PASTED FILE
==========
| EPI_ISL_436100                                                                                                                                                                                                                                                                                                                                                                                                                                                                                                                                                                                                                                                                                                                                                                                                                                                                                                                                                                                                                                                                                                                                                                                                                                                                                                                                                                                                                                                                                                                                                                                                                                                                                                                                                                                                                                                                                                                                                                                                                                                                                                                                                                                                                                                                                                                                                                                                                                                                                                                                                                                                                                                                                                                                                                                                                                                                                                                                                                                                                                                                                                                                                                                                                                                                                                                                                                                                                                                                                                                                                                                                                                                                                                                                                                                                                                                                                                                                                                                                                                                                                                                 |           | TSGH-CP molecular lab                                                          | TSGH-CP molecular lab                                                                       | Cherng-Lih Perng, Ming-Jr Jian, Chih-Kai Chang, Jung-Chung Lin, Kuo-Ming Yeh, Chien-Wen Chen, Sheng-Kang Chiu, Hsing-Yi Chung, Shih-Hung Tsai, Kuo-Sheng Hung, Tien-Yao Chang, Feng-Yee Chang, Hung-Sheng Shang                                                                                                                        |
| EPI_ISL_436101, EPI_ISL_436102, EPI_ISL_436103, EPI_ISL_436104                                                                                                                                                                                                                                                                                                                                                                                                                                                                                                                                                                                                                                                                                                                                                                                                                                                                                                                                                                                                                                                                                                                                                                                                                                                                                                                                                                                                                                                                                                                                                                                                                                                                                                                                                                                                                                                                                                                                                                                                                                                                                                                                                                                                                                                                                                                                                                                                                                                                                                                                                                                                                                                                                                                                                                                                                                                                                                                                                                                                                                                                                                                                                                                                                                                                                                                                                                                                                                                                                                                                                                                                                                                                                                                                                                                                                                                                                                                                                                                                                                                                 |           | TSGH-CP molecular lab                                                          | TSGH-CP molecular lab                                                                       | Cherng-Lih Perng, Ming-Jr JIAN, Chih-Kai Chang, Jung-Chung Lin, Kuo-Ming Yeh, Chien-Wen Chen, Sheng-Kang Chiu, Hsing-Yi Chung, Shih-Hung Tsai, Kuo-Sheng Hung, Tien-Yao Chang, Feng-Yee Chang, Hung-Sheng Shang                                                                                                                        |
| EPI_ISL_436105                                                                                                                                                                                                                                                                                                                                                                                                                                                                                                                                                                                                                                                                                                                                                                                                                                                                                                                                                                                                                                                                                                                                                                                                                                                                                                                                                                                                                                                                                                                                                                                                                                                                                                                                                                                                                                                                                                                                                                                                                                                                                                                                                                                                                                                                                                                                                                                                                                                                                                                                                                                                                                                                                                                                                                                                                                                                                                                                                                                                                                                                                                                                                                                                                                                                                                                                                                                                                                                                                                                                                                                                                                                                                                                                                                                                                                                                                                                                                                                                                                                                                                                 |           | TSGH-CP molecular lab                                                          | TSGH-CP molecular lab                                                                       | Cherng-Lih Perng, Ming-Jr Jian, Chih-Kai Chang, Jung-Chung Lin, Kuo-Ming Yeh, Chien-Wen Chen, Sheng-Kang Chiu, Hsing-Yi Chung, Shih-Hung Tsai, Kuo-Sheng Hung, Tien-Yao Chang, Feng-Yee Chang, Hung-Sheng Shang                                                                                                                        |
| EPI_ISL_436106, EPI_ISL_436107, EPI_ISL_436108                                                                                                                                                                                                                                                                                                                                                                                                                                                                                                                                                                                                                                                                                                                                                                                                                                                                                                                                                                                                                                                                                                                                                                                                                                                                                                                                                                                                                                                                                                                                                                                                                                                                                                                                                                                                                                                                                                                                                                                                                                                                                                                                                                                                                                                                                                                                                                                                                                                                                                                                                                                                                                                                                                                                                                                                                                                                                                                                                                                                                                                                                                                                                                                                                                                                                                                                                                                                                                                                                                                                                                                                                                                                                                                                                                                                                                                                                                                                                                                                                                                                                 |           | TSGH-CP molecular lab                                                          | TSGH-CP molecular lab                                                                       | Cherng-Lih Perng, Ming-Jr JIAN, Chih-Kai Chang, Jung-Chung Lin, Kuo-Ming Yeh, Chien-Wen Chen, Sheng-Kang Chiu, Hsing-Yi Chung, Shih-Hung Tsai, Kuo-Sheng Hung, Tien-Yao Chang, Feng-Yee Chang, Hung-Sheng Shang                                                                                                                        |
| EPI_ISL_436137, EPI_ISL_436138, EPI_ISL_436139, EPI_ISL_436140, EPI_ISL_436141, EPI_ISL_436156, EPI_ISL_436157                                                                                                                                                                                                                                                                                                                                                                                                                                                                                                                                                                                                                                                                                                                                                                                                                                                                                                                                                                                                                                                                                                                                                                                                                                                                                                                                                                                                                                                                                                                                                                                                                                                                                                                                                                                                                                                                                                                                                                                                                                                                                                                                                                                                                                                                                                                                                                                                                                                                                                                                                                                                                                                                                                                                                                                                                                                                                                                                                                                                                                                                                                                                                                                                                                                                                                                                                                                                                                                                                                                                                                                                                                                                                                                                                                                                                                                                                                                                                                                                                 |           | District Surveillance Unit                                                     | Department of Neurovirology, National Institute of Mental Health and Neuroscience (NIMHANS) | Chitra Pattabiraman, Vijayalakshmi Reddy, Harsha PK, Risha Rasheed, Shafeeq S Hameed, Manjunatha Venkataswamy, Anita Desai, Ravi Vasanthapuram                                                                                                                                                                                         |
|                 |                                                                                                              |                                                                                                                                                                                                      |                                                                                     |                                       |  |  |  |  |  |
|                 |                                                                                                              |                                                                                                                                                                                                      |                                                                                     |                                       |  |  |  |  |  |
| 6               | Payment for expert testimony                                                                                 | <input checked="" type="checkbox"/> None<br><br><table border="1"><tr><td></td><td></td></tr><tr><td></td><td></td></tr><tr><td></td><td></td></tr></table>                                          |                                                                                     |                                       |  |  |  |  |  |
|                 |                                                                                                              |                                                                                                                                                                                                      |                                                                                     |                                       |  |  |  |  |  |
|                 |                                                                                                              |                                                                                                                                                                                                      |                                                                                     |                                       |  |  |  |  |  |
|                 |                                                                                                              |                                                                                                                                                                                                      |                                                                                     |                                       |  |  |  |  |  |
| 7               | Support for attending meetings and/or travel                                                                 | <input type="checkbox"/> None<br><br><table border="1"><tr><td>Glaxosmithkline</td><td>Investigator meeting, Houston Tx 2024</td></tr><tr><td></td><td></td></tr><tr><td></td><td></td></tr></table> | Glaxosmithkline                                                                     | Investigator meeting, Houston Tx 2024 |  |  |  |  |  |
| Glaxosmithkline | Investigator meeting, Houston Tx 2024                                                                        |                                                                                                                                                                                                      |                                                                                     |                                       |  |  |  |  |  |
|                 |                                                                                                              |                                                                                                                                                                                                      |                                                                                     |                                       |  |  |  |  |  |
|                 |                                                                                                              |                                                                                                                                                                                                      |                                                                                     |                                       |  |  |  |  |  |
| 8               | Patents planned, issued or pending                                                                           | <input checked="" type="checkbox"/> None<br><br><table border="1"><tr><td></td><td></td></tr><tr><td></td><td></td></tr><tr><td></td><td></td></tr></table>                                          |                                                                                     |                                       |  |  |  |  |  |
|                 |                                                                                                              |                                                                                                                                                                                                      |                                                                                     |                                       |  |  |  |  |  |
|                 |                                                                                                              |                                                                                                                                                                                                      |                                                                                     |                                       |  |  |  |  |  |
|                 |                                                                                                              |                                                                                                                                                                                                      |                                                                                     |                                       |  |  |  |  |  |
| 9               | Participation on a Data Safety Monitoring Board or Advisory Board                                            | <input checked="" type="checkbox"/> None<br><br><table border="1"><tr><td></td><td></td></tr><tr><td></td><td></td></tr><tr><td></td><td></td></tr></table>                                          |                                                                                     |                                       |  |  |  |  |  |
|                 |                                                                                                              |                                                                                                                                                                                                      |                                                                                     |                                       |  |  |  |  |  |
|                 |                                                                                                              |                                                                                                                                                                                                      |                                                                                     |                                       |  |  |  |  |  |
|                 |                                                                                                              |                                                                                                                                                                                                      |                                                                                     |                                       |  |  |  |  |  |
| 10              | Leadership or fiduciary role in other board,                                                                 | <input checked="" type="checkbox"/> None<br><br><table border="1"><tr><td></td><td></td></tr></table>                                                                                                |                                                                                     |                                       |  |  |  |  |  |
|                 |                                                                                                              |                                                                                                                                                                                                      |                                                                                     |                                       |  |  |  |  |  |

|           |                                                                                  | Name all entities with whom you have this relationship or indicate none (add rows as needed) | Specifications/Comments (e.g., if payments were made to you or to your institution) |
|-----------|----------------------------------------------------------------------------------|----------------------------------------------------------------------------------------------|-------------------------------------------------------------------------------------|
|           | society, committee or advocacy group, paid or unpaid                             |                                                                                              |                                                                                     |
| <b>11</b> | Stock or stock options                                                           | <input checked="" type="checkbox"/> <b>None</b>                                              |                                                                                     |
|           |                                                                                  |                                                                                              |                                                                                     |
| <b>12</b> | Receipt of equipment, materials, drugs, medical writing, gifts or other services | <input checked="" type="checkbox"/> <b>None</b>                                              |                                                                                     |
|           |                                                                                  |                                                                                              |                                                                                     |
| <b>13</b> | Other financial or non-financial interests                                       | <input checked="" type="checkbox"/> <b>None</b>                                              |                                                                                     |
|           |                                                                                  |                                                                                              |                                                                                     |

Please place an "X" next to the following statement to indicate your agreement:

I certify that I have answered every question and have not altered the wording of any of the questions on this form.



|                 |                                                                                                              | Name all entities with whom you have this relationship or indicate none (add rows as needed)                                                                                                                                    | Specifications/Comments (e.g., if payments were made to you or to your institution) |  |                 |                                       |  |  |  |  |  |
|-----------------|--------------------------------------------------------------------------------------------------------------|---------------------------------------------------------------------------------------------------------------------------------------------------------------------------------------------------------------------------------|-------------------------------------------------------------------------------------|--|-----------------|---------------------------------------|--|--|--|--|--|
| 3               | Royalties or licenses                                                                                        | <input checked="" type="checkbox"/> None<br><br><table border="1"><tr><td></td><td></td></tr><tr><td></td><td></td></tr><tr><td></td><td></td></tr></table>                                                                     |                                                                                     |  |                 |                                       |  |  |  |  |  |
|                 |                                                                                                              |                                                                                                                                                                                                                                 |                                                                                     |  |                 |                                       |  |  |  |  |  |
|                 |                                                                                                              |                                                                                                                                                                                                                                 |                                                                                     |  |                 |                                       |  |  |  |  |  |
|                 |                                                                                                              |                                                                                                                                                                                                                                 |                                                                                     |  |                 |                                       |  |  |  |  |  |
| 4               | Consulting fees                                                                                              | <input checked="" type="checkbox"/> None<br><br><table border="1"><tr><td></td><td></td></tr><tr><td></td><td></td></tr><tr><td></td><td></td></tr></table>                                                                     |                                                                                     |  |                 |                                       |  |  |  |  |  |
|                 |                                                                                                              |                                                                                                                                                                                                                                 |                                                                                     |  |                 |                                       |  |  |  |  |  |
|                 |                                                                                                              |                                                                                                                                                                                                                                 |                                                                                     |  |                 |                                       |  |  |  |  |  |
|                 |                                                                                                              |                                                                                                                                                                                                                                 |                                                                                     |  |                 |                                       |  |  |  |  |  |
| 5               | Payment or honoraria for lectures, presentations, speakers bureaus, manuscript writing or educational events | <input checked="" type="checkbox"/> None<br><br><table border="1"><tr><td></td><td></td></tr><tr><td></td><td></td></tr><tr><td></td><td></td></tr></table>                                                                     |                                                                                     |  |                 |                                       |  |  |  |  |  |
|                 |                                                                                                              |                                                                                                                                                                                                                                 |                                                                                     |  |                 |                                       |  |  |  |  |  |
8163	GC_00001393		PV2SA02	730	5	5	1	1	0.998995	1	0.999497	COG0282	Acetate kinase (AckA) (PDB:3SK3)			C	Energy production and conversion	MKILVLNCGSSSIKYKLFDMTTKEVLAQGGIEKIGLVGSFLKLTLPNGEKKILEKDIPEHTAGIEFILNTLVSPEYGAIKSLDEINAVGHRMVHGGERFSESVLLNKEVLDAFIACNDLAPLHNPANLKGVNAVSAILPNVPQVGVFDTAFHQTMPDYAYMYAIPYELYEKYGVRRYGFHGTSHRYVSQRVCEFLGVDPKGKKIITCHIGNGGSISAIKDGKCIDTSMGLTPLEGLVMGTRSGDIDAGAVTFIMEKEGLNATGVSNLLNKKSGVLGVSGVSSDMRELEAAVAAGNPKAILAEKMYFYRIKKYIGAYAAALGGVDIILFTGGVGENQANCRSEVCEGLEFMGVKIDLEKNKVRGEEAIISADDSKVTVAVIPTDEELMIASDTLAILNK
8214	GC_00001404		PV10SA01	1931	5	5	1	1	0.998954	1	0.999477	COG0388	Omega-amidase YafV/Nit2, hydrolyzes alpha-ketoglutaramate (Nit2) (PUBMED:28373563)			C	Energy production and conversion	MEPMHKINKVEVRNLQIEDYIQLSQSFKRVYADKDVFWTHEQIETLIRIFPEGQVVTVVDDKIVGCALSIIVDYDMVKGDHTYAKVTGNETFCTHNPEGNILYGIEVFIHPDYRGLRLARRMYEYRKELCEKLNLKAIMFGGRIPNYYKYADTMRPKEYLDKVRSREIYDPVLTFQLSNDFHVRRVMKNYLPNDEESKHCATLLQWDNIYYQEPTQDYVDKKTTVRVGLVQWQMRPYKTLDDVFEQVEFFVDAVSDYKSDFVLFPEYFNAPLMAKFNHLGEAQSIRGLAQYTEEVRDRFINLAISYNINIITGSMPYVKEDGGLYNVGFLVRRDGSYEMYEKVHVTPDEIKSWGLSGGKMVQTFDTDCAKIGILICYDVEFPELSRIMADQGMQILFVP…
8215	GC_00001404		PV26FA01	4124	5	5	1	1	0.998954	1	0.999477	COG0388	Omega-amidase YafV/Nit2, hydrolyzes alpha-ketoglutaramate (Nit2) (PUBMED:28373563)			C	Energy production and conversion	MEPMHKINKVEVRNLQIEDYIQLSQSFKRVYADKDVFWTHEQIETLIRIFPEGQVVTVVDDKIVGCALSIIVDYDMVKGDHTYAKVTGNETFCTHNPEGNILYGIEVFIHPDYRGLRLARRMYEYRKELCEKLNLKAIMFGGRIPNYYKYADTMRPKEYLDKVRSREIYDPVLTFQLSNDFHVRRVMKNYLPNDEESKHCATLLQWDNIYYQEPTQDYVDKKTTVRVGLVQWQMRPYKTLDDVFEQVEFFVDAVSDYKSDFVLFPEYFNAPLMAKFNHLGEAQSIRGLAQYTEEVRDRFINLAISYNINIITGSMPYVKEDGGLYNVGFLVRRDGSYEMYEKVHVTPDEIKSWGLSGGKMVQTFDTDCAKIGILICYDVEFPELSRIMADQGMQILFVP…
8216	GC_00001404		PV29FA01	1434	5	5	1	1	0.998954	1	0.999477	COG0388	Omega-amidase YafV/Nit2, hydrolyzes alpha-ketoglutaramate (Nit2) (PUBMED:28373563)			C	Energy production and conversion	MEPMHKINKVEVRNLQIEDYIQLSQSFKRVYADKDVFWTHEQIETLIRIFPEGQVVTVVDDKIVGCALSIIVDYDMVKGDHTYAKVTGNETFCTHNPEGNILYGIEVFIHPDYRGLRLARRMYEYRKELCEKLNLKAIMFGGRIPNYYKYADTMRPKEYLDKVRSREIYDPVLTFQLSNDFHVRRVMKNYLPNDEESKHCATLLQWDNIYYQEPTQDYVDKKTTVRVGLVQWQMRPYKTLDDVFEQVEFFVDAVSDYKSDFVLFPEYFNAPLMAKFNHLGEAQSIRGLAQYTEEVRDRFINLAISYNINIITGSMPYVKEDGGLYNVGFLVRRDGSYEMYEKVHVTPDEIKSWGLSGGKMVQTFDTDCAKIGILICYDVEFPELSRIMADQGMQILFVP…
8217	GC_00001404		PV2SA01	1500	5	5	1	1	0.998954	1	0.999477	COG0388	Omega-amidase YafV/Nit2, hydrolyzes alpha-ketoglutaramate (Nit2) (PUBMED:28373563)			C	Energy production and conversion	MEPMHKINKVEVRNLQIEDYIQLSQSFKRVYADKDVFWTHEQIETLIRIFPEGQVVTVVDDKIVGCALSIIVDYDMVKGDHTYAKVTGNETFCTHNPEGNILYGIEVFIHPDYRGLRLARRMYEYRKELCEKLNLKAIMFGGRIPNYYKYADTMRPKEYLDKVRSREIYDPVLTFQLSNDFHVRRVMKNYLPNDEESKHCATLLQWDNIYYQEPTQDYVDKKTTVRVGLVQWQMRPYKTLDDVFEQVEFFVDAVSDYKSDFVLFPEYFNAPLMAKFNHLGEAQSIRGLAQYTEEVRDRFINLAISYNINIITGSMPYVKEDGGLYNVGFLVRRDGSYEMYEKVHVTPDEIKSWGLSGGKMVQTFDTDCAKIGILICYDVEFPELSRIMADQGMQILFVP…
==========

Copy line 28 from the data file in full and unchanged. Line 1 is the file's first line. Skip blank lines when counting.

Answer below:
|           | society, committee or advocacy group, paid or unpaid                             |                                                                                              |                                                                                     |